Czechs work to move pig farm from former Nazi camp

Roma activists seek to clear the site, where 327 died while others were shipped off to Auschwitz

A memorial at the site of the former Nazi concentration camp at Lety in the Czech Republic. (Wikipedia/Miraceti/free use)
A memorial at the site of the former Nazi concentration camp at Lety in the Czech Republic. (Wikipedia/Miraceti/free use)

PRAGUE (AP) — The Czech government is working to remove a communist-era pig farm from the site of a former Nazi concentration camp for Roma, cabinet ministers said on Tuesday.

Roma activists have long demanded the removal of the farm from Lety, 60 miles (95 kilometers) south of Prague, where some 1,300 Czech Roma were sent between August 1942 and August 1943 during the Nazi occupation of what was then Czechoslovakia in World War II.

Some 327 people died there, and many others were taken to the Nazis’ Auschwitz death camp in nearby German Occupied Poland.

Finance Minister Andrej Babis, Culture Minister Daniel Herman and Justice Minister Robert Pelikan visited the site Tuesday to honor the victims. Days earlier, Babis was reported as saying that the site was just a labor camp, not a concentration camp, sparking sharp criticism from politicians, including Prime Minister Bohuslav Sobotka, his political rival.

Sobotka, a Social Democrat, and other ministers from his party that forms a coalition government with Babis’ pro-business ANO (YES) movement and the Christian Democrats, accused him of misusing the issue ahead of next month’s regional elections.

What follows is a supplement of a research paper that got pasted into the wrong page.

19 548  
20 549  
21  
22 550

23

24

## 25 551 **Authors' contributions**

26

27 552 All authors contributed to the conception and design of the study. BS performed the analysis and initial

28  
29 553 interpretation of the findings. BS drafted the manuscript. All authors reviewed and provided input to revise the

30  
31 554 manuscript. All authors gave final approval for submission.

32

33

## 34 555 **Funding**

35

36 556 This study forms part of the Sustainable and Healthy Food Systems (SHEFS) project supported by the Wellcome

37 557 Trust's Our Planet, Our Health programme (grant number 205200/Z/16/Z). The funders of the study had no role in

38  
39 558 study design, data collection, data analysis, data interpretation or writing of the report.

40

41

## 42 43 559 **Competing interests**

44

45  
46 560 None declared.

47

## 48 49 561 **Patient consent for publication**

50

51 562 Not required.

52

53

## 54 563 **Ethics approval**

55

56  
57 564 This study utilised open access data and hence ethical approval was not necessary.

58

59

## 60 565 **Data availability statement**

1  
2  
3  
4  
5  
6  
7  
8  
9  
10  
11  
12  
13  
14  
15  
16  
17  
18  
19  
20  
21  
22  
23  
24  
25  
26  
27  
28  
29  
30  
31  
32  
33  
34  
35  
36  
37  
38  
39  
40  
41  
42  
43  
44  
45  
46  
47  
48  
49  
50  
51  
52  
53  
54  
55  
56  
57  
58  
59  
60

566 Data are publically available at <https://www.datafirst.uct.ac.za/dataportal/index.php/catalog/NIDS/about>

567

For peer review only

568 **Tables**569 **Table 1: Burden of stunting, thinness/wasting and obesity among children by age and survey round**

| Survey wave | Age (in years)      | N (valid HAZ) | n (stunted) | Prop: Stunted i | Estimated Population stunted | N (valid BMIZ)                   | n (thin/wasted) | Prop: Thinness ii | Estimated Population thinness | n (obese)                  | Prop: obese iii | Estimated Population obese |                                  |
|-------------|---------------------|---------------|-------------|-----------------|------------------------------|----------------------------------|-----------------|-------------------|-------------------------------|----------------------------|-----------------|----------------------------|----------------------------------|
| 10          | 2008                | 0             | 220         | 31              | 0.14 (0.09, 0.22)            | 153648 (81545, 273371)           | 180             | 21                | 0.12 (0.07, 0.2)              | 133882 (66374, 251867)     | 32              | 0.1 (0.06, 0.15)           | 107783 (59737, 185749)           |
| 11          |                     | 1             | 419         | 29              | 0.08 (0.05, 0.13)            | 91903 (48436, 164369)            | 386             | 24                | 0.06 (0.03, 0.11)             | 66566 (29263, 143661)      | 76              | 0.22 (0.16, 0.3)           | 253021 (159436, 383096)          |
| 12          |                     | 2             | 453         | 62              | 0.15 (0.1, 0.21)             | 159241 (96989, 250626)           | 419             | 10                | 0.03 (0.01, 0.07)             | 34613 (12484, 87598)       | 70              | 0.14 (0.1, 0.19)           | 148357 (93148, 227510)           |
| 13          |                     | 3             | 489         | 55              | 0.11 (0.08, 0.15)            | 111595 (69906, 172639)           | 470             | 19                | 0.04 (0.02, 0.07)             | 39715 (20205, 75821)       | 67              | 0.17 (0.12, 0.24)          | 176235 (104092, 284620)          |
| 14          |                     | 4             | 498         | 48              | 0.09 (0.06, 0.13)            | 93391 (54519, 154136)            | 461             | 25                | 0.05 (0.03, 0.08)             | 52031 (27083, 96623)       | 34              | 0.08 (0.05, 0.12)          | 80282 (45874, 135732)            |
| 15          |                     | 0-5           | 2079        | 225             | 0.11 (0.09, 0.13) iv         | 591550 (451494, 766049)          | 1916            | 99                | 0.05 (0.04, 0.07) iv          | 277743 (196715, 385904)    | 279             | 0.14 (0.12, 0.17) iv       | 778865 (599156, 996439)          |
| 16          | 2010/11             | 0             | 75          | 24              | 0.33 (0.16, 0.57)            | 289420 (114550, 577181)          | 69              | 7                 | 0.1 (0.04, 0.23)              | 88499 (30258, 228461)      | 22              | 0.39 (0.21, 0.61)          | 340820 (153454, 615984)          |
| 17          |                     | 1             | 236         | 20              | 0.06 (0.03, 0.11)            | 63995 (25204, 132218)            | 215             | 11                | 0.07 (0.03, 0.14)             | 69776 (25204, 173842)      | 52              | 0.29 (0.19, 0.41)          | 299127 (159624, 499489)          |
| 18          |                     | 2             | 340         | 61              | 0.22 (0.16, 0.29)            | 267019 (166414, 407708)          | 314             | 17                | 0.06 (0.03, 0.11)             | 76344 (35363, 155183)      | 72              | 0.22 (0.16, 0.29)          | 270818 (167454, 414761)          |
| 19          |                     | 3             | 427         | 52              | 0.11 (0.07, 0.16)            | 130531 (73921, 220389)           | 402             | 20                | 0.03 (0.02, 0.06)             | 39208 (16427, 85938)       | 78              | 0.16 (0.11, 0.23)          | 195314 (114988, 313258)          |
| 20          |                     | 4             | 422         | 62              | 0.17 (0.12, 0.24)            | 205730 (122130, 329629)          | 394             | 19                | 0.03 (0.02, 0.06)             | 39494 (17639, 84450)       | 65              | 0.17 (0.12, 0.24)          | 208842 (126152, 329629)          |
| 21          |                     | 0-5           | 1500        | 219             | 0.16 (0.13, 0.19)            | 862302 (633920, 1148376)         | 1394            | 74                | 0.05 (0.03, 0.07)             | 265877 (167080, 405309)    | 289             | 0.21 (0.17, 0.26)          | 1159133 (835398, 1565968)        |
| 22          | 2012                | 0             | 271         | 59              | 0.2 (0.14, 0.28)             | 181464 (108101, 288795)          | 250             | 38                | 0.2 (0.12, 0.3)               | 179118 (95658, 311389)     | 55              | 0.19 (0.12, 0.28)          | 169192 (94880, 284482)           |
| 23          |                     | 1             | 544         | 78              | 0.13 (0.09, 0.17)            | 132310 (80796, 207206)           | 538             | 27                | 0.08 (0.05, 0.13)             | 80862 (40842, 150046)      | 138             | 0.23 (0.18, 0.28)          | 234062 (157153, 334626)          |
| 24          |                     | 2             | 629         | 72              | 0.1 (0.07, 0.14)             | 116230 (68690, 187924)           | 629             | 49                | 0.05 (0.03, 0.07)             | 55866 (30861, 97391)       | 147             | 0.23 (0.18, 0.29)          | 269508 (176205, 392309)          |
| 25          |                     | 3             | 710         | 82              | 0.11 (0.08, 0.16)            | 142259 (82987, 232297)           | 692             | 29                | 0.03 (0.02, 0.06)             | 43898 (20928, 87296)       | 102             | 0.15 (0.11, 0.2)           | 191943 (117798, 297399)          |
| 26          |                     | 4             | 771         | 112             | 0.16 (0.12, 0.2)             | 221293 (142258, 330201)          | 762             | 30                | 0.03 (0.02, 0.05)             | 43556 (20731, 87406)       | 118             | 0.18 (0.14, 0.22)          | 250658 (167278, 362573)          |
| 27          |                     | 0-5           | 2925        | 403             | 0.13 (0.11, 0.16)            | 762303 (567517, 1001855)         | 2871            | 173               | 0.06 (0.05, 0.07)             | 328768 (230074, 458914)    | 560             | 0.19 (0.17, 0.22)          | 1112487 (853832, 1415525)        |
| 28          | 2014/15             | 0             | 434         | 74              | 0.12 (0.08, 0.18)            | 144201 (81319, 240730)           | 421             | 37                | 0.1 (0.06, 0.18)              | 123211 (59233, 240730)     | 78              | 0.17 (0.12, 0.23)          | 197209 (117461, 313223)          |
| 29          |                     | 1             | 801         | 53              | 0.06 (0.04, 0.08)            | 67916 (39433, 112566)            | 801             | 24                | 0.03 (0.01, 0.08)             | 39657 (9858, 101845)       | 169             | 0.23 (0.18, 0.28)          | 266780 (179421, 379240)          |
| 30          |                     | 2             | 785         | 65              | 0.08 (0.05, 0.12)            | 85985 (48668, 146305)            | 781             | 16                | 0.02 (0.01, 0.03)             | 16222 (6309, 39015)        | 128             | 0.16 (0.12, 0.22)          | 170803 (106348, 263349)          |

Babis apologized for his words but said they were taken out of context and misinterpreted. He said the government has been trying to solve the issue for months.

“It’s an unfortunate site, that the pig farm was built here,” Babis said during his visit.

Previous governments failed to remove it, citing a lack of funding.

Herman said he expected the government to complete a purchase of the farm before next year’s parliamentary elections.

“We have never been so close to a solution,” he said.

Only about 10 percent of up to 10,000 Roma living on occupied Czechoslovak territory are estimated to have survived the war. The current 250,000-strong Roma minority faces widespread prejudice.

Copyright 2016 The Associated Press.

read more:
Never miss breaking news on Israel
Get notifications to stay updated
You're subscribed